Mockingbirds represent harmlessness and a need for protection in the novel. A number of characters are related to these notions, with Tom Robinson and Boo Radley directly connected to mockingbirds in the text.
Atticus Finch and Miss Maudie help to articulate the meaning of mockingbirds as a symbol in the text.
As Miss Maudie Atkinson explains, it would be thoughtlessly cruel to kill innocent creatures that "don't do one thing but make music for us to enjoy."
Atticus Finch is another character that can be understood as a mockingbird, along with Scout, Jem and Dill. These characters strive to do good and require more protection than they realize. We see this with Atticus in particular as he repeatedly assures himself and his family that Bob Ewell will not try to harm them.
We can see the place that mockingbirds have in the text through the above examples and evidence. The other part of the title, "to kill", may be seen as referring to the injustice that is done to Tom Robinson, in particular, and to Boo Radley more subtly.
Both of these characters function as a "mockingbird", doing no harm and also needing more protection than they can give themselves. The legal injustice done to Tom Robinson proves to be fatal when Tom is killed trying to escape from prison. Even here, however, Robinson displays a kinship with the harmless mockingbird.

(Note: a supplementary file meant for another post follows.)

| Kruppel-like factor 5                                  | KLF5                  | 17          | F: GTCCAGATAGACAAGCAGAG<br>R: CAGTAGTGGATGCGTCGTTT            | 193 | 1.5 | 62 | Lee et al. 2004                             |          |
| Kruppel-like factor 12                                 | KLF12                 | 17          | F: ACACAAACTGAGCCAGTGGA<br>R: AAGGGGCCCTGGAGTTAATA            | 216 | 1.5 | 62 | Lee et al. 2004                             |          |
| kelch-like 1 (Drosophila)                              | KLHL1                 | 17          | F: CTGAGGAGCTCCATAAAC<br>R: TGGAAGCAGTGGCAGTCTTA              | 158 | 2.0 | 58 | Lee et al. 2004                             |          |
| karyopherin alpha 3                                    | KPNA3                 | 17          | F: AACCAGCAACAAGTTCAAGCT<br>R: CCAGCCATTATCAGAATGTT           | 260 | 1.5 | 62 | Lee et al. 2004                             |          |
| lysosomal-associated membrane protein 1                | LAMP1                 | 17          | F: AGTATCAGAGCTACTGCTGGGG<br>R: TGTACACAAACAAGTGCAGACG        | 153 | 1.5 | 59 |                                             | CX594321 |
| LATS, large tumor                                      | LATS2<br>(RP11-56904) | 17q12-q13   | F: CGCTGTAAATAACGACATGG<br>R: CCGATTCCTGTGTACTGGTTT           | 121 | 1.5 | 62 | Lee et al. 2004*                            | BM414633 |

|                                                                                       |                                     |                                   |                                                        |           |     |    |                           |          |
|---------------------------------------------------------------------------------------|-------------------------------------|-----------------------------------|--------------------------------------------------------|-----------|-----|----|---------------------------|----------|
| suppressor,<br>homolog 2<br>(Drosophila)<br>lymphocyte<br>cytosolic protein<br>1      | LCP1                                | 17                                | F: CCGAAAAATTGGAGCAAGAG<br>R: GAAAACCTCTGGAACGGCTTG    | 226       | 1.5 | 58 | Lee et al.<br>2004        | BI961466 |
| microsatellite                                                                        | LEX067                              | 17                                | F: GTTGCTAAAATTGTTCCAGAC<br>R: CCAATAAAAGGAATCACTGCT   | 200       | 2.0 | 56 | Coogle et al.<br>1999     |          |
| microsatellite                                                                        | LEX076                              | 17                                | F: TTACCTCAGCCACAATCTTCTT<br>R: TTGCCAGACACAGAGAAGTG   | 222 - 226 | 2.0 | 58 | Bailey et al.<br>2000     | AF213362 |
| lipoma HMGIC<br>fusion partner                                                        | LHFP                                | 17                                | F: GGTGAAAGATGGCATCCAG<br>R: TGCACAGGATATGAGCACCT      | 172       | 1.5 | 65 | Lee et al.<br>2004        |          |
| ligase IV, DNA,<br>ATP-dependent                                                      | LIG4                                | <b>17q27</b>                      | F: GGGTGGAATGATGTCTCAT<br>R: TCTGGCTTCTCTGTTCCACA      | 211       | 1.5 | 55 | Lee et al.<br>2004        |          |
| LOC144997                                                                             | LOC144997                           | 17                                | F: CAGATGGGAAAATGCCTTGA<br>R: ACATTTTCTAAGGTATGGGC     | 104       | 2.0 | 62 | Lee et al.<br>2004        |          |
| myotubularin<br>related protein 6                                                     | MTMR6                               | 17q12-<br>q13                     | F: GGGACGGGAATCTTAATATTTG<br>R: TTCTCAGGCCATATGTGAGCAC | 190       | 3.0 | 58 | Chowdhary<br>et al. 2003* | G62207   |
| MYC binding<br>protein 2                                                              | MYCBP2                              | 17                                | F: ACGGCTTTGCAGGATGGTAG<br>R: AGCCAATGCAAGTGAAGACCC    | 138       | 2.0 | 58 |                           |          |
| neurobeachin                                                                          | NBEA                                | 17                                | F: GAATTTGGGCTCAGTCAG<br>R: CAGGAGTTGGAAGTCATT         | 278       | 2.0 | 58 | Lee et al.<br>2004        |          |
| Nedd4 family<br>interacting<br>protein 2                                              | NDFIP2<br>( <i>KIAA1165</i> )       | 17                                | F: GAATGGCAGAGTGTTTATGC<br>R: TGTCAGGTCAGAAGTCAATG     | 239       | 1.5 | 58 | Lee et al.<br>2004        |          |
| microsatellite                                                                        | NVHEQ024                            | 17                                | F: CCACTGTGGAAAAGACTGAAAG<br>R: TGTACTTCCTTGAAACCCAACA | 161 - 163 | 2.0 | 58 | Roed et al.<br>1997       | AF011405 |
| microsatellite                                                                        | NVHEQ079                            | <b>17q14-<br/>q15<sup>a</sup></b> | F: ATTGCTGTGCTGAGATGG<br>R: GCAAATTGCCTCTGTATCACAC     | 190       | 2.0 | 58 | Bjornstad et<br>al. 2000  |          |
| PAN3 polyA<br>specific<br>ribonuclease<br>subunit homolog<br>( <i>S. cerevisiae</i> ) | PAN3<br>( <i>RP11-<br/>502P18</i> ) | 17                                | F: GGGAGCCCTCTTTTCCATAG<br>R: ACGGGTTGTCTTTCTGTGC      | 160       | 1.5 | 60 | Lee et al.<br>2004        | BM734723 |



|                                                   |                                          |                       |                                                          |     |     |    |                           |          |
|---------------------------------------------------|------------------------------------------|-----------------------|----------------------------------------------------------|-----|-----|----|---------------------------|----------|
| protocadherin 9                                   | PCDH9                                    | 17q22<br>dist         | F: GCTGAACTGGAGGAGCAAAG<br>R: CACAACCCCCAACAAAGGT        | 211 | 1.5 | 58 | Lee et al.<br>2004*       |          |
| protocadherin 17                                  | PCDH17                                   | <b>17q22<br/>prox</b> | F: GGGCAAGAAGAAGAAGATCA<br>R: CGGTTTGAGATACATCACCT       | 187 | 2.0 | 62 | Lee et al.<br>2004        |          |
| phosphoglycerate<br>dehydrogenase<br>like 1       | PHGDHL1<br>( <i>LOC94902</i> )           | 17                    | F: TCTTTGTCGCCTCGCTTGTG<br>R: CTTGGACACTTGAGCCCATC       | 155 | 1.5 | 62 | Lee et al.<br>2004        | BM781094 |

Even in his escape he shows courage – surely knowing that his escape attempt is unlikely to be successful, but thereby putting an end to the ongoing trauma to all involved.
When Atticus says it is a sin to kill a mockingbird, he is saying this because mockingbirds do not do anything to harm or annoy us. All they do is sing to us.
There are two main symbolic "mockingbirds" in the story. The first is Tom Robinson. This is because he really did nothing harmful to Mayella. The only thing he really did was help her whenever she needed it.
The second is Boo Radley. This because it would be a sin to harm him by giving him a spotlight he really doesn't want. He just wants to be left alone.